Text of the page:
noun, plural gar·çons [gar-sawn] /garˈsɔ̃/. French.
Examples from the Web for garcon
Turn about is fair play, garcon Cart'rette: so when you're in trouble come to me.The Battle Of The Strong, Complete|Gilbert Parker
C'est la fortune de la guerre, mon garcon; but calm yourself, and take this potion which Blanche has prepared for you.Burlesques|William Makepeace Thackeray
There was no one about, but under an electric bell was written Garcon.The Moon and Sixpence|W. Somerset Maugham
They should both, garcon and cashier, be discharged on the spot.Europe Revised|Irvin S. Cobb
They stopped in front of the hotel, and Valmond, motioning to the garcon, gave him an order.When Valmond Came to Pontiac, Complete|Gilbert Parker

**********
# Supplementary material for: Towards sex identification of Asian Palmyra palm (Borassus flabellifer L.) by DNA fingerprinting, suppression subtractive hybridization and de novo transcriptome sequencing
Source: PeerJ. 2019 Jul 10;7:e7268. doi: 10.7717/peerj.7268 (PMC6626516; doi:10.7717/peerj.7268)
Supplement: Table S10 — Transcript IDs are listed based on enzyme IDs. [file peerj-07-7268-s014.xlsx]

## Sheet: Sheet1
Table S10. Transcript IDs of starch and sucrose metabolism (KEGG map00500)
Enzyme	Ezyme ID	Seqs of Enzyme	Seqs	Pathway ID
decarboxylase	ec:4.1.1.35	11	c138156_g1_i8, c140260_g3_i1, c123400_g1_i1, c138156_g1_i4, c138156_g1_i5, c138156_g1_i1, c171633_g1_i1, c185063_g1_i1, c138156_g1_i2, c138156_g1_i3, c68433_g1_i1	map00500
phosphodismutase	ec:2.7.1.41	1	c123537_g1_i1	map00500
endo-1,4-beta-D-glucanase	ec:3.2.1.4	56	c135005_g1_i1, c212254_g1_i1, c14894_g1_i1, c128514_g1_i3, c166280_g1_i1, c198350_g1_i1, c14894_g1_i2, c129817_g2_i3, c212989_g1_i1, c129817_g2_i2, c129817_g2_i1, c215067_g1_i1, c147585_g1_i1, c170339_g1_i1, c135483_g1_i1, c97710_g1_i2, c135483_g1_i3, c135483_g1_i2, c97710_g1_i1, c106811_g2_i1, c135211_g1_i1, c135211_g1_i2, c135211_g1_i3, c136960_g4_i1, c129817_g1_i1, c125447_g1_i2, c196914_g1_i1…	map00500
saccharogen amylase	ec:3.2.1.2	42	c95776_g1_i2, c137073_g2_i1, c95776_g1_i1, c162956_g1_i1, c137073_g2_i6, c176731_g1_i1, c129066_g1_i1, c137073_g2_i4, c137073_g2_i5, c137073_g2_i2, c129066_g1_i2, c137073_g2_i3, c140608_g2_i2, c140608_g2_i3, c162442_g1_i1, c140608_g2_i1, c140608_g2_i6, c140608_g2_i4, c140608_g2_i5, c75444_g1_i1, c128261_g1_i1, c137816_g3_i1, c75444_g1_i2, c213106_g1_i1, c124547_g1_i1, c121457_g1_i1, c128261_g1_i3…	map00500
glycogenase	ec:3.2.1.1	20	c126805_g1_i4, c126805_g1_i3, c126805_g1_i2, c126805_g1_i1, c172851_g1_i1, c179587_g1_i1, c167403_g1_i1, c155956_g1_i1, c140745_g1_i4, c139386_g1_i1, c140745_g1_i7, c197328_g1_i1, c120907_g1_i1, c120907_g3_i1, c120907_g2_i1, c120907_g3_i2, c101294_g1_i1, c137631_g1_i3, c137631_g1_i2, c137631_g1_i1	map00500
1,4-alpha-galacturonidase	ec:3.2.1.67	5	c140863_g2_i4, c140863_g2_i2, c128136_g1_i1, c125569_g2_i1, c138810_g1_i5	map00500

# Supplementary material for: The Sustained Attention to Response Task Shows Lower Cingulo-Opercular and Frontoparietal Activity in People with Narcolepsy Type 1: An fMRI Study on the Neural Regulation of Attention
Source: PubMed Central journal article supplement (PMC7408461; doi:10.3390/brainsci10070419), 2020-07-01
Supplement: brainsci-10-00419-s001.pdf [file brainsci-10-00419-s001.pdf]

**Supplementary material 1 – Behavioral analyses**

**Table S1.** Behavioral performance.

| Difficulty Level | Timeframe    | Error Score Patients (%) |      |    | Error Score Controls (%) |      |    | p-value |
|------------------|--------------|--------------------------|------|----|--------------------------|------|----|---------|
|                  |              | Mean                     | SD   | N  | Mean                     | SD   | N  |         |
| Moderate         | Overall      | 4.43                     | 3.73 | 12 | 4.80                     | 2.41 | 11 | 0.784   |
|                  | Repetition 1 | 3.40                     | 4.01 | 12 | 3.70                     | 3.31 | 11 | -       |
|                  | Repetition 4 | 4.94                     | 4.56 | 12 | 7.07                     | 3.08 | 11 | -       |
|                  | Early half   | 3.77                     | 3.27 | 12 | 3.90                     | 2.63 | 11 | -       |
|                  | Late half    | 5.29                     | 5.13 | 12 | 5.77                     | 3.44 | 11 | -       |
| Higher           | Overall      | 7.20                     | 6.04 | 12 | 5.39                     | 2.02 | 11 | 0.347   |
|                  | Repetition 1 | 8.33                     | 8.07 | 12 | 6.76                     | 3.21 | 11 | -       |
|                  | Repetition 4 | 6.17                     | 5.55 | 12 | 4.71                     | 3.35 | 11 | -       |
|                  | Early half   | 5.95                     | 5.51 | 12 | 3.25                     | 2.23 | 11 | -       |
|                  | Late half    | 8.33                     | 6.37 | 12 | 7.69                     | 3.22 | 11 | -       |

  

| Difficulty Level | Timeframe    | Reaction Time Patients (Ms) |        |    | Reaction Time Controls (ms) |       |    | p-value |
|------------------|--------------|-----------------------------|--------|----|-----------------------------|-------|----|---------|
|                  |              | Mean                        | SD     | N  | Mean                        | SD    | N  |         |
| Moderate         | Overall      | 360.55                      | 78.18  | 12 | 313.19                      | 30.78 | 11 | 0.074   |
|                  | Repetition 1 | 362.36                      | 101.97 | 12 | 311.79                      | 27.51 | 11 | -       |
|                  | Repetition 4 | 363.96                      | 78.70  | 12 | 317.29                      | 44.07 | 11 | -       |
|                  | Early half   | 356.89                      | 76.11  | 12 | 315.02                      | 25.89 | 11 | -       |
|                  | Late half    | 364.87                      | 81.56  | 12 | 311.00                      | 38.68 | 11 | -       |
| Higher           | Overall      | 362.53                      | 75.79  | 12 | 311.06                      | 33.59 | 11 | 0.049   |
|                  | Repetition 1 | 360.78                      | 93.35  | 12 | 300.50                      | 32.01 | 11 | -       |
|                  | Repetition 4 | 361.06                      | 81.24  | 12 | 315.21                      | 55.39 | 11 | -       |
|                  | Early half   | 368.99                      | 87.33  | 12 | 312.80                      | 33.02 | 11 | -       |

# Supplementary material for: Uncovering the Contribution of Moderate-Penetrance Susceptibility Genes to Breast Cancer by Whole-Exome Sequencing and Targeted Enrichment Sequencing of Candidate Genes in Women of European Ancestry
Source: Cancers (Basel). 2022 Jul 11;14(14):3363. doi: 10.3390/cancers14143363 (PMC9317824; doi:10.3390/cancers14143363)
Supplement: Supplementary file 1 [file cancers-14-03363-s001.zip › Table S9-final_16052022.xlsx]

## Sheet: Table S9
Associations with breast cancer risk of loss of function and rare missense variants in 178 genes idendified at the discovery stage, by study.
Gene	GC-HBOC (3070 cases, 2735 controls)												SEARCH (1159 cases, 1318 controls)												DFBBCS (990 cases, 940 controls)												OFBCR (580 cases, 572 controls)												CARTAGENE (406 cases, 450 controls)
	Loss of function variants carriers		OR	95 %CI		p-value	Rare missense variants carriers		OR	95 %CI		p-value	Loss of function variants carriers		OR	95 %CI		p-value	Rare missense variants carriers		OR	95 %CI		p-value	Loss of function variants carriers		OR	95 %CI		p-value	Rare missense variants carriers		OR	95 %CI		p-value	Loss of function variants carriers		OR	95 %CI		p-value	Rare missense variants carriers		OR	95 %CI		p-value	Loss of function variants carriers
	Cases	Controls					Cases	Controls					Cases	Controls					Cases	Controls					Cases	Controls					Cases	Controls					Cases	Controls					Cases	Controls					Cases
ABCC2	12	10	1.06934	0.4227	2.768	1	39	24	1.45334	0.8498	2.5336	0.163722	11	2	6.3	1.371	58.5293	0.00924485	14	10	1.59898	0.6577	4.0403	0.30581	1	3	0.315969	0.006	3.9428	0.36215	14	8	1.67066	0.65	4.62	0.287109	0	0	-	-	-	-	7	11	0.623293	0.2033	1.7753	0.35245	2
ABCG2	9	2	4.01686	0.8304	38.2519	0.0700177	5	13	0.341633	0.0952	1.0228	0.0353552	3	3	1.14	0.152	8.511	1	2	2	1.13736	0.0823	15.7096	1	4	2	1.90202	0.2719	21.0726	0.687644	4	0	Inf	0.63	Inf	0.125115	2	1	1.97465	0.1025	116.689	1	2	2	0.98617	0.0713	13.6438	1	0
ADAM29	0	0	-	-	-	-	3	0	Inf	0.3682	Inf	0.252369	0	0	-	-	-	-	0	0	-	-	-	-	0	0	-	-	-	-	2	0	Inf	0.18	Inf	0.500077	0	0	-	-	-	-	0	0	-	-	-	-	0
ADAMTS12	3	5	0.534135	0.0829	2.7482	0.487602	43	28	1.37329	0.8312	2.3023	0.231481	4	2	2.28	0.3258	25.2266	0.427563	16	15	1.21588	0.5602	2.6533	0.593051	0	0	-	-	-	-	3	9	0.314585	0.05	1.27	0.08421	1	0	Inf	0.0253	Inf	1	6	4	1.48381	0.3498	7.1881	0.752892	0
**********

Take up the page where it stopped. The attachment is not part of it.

British Dictionary definitions for garcon
Word Origin for garçon
Word Origin and History for garcon
"boy," c.1300, from Old French garçun (11c.; Modern French garçon) "menial, servant-boy, page; man of base condition," originally objective case of gars, perhaps from Frankish *wrakjo (cf. Old High German recko, Old Saxon wrekkio "a banished person, exile;" English wretch). Meaning "waiter" (especially one in a French restaurant) is from 1788.